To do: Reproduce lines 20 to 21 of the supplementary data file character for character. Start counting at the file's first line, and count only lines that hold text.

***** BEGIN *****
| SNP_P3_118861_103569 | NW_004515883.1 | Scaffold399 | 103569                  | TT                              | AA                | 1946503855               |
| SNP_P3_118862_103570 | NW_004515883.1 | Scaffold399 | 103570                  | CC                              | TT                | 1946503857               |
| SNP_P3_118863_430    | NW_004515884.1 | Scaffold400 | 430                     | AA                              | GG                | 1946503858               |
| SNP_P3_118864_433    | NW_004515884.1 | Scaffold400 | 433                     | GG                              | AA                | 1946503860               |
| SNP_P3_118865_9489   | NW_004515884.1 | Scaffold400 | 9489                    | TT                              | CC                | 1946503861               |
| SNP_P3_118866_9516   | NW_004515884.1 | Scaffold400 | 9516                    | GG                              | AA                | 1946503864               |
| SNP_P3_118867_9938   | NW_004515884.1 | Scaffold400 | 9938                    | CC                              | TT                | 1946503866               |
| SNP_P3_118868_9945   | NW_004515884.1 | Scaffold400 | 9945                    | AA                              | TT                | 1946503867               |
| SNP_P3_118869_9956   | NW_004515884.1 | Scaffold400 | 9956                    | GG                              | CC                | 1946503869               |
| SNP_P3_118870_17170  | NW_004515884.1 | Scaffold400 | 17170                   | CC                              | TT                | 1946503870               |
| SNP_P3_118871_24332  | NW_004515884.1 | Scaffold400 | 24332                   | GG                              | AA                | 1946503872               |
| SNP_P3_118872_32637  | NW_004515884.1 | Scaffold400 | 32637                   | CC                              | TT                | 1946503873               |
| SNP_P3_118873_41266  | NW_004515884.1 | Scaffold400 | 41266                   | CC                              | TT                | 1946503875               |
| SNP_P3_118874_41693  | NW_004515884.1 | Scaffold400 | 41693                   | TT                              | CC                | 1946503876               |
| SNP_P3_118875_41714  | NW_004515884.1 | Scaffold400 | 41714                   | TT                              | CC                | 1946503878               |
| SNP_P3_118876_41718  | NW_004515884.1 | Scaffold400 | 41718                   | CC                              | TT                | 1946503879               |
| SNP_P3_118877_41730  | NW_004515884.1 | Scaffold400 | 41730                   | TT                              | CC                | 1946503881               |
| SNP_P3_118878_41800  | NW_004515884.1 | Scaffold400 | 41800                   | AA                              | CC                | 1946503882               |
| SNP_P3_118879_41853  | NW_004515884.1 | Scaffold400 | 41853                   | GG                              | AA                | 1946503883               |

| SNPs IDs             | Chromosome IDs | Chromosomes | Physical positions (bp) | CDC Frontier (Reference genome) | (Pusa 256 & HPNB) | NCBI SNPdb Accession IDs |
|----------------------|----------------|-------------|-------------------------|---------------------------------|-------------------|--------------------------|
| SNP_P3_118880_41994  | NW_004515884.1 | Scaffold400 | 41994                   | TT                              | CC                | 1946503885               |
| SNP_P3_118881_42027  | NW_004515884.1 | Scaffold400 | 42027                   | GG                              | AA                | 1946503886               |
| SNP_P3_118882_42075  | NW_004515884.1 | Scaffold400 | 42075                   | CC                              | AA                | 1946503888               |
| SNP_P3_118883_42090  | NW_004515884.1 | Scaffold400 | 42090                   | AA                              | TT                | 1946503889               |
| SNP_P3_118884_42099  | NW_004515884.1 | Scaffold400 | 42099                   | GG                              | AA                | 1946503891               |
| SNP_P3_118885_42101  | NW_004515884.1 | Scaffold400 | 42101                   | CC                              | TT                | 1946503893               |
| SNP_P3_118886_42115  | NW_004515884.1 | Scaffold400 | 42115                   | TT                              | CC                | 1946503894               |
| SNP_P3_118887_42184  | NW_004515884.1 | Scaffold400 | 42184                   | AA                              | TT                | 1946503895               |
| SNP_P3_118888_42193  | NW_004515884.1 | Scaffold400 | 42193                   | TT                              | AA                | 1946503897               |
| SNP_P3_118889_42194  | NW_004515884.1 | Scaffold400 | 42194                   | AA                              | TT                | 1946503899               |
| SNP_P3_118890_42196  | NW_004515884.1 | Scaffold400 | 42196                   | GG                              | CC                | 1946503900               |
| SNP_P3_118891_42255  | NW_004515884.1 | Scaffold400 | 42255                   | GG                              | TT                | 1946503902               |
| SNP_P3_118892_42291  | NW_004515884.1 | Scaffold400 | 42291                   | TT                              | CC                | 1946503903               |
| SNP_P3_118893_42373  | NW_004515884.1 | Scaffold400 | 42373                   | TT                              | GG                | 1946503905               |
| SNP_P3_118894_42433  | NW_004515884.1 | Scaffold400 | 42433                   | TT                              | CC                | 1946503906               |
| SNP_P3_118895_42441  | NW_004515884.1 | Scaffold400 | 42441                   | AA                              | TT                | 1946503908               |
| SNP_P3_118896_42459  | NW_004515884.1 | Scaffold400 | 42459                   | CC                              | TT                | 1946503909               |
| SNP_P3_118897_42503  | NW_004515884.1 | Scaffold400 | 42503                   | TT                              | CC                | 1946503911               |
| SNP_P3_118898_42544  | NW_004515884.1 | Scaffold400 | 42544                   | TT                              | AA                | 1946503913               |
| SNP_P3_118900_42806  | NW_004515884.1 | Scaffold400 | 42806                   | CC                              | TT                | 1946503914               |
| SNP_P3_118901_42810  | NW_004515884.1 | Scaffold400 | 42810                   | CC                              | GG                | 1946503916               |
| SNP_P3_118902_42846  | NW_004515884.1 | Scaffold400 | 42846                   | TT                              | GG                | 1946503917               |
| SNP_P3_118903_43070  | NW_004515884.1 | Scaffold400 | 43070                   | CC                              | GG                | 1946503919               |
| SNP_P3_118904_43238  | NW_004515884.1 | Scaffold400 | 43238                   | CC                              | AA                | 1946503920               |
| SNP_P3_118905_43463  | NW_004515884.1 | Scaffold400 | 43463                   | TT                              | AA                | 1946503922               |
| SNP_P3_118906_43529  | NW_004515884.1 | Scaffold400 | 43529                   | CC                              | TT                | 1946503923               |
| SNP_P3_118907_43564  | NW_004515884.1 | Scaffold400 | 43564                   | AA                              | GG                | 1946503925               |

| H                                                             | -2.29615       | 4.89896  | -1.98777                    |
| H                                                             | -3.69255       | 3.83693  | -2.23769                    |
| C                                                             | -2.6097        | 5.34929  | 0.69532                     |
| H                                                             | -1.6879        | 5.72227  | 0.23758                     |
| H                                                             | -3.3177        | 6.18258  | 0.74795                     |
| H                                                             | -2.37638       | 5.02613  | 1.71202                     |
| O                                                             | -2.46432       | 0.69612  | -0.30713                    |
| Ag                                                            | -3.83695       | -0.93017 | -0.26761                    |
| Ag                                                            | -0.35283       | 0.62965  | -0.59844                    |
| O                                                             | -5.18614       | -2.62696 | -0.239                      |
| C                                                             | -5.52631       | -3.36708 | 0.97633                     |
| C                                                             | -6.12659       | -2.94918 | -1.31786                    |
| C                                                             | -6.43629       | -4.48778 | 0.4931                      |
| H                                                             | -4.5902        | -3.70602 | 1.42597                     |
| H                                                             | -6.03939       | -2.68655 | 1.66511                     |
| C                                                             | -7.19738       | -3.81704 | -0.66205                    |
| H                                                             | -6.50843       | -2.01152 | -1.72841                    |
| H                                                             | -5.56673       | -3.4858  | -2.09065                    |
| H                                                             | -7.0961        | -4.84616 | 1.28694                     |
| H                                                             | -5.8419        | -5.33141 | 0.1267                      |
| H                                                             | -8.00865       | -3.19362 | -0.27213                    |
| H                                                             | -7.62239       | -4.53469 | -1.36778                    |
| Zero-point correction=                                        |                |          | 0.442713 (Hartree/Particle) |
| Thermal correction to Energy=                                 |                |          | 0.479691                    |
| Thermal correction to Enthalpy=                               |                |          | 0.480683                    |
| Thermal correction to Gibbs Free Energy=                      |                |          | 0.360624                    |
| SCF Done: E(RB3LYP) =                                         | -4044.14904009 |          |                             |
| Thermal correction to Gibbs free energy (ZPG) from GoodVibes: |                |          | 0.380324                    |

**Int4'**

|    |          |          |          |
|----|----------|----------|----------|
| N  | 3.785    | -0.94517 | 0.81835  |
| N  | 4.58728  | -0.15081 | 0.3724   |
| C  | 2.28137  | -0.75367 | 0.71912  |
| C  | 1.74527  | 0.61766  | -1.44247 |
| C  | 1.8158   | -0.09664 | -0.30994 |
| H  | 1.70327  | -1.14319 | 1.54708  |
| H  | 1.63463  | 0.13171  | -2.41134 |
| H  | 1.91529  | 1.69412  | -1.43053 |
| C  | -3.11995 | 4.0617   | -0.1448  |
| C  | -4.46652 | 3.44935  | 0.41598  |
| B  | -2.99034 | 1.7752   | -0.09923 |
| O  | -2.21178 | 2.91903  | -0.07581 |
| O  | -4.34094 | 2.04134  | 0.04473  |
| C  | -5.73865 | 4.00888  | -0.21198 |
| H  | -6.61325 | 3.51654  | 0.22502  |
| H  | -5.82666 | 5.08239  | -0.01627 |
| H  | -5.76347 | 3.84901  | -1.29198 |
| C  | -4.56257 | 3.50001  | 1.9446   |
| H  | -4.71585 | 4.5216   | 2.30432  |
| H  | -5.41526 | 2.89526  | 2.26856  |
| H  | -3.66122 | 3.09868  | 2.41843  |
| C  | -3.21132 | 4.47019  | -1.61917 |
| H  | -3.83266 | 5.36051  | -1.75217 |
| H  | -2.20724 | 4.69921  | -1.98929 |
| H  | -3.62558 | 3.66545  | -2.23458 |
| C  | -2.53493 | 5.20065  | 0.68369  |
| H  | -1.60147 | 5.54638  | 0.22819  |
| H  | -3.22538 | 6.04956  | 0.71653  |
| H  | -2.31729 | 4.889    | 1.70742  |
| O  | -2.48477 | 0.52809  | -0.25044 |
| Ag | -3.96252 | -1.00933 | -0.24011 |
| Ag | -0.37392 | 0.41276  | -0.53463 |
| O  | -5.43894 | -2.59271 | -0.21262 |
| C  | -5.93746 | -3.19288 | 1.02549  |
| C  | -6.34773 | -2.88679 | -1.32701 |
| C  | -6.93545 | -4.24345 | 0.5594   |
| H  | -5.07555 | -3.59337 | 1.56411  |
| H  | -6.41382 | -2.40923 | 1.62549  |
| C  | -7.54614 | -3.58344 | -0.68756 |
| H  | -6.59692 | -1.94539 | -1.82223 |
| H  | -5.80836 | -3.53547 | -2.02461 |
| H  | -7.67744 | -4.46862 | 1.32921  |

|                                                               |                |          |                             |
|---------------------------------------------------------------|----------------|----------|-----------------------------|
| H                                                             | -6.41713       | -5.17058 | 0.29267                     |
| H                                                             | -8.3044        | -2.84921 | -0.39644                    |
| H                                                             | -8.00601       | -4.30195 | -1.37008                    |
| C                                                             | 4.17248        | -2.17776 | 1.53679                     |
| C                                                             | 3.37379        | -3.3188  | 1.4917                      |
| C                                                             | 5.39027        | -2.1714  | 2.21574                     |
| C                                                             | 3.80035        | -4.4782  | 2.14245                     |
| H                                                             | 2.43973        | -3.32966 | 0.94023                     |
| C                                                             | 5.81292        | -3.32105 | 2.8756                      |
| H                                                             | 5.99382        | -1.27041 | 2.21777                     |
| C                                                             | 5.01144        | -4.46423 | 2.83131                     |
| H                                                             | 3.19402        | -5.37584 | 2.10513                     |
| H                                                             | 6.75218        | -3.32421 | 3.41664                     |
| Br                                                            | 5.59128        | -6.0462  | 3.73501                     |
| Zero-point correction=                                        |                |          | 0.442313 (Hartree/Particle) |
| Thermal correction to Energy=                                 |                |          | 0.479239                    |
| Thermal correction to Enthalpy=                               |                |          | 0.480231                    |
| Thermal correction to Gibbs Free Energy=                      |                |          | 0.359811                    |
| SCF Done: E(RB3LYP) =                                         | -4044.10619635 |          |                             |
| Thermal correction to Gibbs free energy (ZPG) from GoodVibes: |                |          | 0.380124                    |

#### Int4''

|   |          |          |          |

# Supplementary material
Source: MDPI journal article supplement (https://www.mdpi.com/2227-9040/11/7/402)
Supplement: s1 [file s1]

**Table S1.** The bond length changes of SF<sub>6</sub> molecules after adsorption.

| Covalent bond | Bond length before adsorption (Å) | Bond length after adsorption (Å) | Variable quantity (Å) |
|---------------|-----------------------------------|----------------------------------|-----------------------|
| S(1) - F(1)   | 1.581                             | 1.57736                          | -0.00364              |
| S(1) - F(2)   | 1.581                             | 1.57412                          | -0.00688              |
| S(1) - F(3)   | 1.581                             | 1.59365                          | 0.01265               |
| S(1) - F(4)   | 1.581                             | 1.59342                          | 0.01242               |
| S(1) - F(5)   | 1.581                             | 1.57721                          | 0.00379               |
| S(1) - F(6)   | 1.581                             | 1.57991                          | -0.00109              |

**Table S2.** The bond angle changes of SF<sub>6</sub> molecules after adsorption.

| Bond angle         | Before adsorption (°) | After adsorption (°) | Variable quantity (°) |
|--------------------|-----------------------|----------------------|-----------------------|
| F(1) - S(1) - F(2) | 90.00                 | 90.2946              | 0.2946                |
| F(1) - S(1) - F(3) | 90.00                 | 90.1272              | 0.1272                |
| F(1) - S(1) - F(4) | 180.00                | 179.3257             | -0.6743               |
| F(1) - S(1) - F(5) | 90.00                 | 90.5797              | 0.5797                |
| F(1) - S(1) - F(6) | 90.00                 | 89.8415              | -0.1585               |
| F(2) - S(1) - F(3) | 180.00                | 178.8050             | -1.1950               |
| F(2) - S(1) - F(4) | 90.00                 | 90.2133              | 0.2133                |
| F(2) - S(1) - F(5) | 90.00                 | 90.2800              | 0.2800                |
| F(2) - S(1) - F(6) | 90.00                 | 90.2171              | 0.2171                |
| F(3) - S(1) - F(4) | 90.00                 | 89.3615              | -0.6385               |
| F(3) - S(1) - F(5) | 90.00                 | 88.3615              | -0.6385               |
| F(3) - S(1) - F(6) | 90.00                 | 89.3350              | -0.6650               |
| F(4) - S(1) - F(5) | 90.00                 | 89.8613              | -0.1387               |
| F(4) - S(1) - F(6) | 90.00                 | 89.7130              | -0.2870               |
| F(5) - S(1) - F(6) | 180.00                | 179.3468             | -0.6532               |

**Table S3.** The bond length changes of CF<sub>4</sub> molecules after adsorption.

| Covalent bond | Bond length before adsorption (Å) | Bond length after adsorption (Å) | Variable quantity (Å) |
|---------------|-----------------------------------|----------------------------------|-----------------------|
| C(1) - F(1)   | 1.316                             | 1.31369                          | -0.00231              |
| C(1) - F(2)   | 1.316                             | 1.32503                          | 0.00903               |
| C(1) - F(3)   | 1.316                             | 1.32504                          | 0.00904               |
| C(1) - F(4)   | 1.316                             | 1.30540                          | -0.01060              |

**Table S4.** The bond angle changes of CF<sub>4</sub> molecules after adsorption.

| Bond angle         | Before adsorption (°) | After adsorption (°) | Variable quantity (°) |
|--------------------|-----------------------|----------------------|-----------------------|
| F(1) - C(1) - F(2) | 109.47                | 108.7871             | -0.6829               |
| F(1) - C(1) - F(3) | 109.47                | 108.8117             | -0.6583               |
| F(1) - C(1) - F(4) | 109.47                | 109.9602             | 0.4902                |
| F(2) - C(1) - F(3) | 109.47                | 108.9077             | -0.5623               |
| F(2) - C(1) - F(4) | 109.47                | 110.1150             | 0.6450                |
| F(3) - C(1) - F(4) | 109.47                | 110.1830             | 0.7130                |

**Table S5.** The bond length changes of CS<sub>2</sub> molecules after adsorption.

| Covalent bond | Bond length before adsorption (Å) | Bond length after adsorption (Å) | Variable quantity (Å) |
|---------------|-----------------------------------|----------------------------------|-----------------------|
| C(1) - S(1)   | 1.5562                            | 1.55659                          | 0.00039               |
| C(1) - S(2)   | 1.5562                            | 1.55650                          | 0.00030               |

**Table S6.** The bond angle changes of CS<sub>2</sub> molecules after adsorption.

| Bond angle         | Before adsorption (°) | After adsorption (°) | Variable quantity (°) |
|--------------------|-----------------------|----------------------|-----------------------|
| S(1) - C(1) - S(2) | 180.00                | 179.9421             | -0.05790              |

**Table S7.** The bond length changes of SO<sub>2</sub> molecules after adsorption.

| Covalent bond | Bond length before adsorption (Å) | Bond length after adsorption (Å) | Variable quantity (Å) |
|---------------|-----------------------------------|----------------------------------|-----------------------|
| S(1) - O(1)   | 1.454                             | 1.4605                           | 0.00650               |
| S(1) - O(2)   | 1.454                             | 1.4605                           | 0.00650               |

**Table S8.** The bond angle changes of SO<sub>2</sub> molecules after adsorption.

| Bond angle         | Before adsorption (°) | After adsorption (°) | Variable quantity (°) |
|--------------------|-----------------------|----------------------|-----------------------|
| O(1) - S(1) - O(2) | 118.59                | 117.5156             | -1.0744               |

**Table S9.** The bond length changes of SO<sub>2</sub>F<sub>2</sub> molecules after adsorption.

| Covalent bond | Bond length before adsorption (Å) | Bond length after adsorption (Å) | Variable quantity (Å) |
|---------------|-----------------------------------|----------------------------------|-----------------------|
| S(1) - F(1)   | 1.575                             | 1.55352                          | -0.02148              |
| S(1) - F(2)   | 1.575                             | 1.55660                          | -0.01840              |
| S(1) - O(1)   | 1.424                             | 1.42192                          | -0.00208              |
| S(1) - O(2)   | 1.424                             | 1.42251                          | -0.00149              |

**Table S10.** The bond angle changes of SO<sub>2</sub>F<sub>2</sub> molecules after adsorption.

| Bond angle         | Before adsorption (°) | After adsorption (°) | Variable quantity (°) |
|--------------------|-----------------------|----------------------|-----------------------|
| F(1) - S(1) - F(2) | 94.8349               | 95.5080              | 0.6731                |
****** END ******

| SNPs IDs             | Chromosome IDs | Chromosomes | Physical positions (bp) | CDC Frontier (Reference genome) | (Pusa 256 & HPNB) | NCBI SNPdb Accession IDs |
|----------------------|----------------|-------------|-------------------------|---------------------------------|-------------------|--------------------------|